Most new beekeepers make the mistake of starting with just one hive. It makes sense. Beginners are often hesitant to get any bees at all! A second hive might seem to you like more work, more responsibility and it doubles the cost of your new hobby. So, why do experienced beekeepers recommend you start with at least two hive? Read on to find out.
You’ll Learn More
New beekeepers have a tremendous amount to learn. You could spend months reading and preparing yourself for bees and still struggle to understand your bees when they finally arrive. The real learning begins when you start to spend time with your bees. Each colony is unique. They have different temperaments, different preferences, different needs and they can vary in strength quite a lot. You can have two colonies right next to each other and get completely different outcomes. One might thrive and make lots of honey right away, while the other remains small and stagnant. If you had just one of these colonies, you might not recognize that the small one was abnormal or that the large one was especially robust. So, when you begin with just one colony, you will be severely limiting your learning experience. There will be no way to gauge your colonies progress when you have nothing to compare it to. A weak colony might appear normal to you. Plus, the more colonies you have, the more situations you will be able to observe and the more you will learn. The extra time you will spend managing two to four hives versus just the one is negligible and with everything you’ll learn from it, it’s unlikely you’ll notice.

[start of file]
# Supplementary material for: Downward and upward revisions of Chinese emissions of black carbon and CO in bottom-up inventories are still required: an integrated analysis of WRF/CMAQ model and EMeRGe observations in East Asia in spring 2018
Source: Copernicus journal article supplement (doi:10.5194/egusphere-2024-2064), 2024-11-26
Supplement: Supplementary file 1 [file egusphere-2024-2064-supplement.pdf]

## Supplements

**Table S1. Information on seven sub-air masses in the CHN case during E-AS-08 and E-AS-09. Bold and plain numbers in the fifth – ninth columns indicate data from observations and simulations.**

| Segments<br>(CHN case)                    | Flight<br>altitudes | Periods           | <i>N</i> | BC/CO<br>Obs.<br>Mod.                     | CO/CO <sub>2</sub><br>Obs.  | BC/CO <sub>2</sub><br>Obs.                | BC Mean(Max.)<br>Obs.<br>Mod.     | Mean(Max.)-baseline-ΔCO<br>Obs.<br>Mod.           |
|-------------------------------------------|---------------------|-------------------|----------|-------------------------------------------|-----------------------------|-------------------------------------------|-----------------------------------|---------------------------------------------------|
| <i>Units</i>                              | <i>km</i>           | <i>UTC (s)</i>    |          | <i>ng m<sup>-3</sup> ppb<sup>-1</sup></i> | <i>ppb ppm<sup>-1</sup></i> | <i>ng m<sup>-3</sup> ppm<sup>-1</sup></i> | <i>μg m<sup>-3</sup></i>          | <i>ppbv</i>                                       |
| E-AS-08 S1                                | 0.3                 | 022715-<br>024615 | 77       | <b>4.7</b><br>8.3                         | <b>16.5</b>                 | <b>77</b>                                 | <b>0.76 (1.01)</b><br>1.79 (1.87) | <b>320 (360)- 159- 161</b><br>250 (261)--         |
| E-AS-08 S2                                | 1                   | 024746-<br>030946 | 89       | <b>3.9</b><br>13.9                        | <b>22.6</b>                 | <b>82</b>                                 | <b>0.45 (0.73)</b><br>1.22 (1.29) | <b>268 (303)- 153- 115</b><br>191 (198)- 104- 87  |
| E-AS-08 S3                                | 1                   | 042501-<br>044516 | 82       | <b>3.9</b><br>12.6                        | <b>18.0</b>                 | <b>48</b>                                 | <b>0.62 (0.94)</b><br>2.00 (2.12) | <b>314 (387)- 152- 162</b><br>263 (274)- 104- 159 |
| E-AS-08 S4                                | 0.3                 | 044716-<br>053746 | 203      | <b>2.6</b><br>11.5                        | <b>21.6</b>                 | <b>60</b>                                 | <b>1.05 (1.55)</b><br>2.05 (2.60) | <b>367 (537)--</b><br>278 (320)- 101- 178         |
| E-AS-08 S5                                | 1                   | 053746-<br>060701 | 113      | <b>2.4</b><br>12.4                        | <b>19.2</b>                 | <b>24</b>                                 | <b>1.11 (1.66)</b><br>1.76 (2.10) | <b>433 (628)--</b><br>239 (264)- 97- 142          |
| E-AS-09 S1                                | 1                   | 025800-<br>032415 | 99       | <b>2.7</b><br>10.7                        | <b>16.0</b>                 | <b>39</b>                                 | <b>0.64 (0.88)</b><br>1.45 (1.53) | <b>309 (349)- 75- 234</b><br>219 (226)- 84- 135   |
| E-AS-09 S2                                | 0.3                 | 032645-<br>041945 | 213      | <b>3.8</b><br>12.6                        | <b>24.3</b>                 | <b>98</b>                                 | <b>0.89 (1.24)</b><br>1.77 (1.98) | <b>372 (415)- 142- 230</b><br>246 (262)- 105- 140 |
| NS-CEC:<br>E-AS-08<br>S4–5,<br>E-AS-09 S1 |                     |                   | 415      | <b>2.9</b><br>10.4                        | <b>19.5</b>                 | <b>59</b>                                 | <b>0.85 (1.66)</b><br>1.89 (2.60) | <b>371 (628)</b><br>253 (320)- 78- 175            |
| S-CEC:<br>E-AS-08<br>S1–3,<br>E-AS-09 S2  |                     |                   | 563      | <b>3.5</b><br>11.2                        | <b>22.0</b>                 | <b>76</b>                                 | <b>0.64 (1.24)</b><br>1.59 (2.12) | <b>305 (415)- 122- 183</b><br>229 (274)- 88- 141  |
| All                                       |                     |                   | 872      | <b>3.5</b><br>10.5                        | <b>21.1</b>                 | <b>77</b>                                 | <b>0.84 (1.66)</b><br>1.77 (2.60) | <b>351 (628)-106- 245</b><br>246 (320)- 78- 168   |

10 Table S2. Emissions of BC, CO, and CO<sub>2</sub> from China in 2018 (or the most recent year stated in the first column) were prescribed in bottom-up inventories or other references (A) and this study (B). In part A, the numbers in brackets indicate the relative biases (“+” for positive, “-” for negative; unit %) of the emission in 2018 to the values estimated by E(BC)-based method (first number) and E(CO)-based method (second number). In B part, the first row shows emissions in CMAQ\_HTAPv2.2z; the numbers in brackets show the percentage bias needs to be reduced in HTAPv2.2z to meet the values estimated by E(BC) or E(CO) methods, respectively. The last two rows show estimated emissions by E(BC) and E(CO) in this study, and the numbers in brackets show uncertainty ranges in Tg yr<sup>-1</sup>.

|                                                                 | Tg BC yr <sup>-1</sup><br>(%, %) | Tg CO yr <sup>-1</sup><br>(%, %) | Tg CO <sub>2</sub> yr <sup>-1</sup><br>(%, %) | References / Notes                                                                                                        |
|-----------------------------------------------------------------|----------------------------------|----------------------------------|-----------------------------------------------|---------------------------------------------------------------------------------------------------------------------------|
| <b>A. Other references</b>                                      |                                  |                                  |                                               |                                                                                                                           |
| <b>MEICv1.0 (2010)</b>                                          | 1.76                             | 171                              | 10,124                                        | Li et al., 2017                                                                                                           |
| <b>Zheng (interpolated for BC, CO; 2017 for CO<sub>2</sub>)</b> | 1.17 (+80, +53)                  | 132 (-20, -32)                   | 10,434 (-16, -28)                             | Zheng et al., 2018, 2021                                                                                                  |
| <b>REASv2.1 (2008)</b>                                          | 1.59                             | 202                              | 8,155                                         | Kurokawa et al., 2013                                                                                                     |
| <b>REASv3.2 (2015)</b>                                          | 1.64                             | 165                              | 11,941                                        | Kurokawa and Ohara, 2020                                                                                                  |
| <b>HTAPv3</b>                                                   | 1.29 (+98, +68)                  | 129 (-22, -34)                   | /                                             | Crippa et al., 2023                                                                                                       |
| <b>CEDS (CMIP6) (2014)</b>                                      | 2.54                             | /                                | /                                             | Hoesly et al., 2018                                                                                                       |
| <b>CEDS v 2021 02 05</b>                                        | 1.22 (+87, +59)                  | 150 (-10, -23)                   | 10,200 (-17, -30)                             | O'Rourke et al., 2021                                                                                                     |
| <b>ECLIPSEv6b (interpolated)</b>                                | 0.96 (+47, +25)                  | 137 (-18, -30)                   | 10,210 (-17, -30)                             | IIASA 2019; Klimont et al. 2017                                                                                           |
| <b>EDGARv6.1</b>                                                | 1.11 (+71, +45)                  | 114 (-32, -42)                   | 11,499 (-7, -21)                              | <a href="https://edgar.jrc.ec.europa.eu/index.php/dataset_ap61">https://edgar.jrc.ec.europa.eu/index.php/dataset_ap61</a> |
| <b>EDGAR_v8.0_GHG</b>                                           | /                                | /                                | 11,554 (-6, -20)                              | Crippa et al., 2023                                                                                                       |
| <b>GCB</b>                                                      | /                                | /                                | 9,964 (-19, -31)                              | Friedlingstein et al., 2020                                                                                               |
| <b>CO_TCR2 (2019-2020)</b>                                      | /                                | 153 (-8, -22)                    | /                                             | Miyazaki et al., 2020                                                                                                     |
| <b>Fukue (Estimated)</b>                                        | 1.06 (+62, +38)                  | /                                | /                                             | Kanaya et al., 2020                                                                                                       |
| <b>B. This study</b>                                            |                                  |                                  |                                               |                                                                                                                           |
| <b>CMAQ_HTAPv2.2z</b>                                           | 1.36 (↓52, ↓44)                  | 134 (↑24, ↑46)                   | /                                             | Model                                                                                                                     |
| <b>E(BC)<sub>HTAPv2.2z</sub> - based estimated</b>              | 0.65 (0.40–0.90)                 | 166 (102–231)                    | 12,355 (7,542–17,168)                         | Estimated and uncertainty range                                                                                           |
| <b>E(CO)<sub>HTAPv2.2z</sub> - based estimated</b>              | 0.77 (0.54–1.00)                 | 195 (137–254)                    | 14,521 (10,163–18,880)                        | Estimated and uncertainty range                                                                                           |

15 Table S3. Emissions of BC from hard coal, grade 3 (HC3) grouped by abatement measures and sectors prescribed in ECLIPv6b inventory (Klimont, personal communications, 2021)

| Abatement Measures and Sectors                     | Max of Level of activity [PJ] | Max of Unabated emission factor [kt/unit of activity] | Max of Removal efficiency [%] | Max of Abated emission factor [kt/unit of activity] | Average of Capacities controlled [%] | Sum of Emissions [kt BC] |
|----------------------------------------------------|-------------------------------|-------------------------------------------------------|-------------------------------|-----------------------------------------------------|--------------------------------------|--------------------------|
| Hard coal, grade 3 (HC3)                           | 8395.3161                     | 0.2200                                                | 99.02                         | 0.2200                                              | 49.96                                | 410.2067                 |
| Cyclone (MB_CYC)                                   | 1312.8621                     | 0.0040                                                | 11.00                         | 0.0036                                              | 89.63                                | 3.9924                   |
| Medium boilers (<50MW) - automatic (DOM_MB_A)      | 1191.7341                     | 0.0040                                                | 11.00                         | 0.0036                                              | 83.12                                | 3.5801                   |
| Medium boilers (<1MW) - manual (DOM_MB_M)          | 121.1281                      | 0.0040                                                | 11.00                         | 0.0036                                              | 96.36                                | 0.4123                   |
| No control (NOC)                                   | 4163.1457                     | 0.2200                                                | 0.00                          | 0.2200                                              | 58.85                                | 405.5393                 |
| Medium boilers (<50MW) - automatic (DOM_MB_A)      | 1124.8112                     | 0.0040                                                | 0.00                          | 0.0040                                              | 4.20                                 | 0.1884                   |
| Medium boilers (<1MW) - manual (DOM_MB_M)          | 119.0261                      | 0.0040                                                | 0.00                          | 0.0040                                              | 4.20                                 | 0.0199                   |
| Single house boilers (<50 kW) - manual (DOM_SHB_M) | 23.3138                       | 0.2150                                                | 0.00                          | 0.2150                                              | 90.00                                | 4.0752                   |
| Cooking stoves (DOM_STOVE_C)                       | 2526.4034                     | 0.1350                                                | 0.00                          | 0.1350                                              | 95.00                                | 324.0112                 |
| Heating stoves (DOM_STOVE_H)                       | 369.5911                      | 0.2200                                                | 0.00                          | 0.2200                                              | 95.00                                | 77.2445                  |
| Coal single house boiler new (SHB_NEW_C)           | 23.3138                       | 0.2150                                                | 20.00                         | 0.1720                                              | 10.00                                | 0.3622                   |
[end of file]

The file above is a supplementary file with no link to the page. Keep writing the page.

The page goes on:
Everybody loses hives, but new beekeepers are much more likely to lose theirs. New beekeepers don’t always recognize and intervene when a colony begins to fail. They haven’t had the advantage of learning for their experiences yet. A beginner with several hives not only has the advantage of comparison which often triggers them to act when a hive is failing, they also have numbers on their side. Simply put, the more hives a beekeeper has, the better the chance that one of them will survive into the next season.
Having more than one colony also gives a beekeeper more options when managing a weak or troublesome hive. I’ll give a few examples. If your colony ever becomes queenless, you can take a frame of young larvae from one of your other colonies and let them make a new queen from it. Sometimes this is done just to test if a colony is queenless when you are not sure. (A queenless colony will make queen cells on a frame like that if they are truly queenless). If you ever have a colony where the population has dropped, you can take a frame of capped brood from one of your other colonies to help strengthen it. You can also take honey and pollen from a strong colony and use it to feed a colony with low food stores.
Up front, the costs of buying equipment to house two colonies and maybe even purchasing two starter colonies can be daunting, but long term you may actually save money. In the most straightforward sense, you will save on shipping costs if you buy your equipment online all at once versus making two orders. This notion is based on an assumption that if you continue to keep bees you will eventually decide to get more than one hive, as is the case with most of us. Second saving opportunity stems from the possibility of making splits. If you start off with several hives and at least one of the survives and thrives again the following spring, you can make new colonies from it and save yourself from having to buy more starter colonies.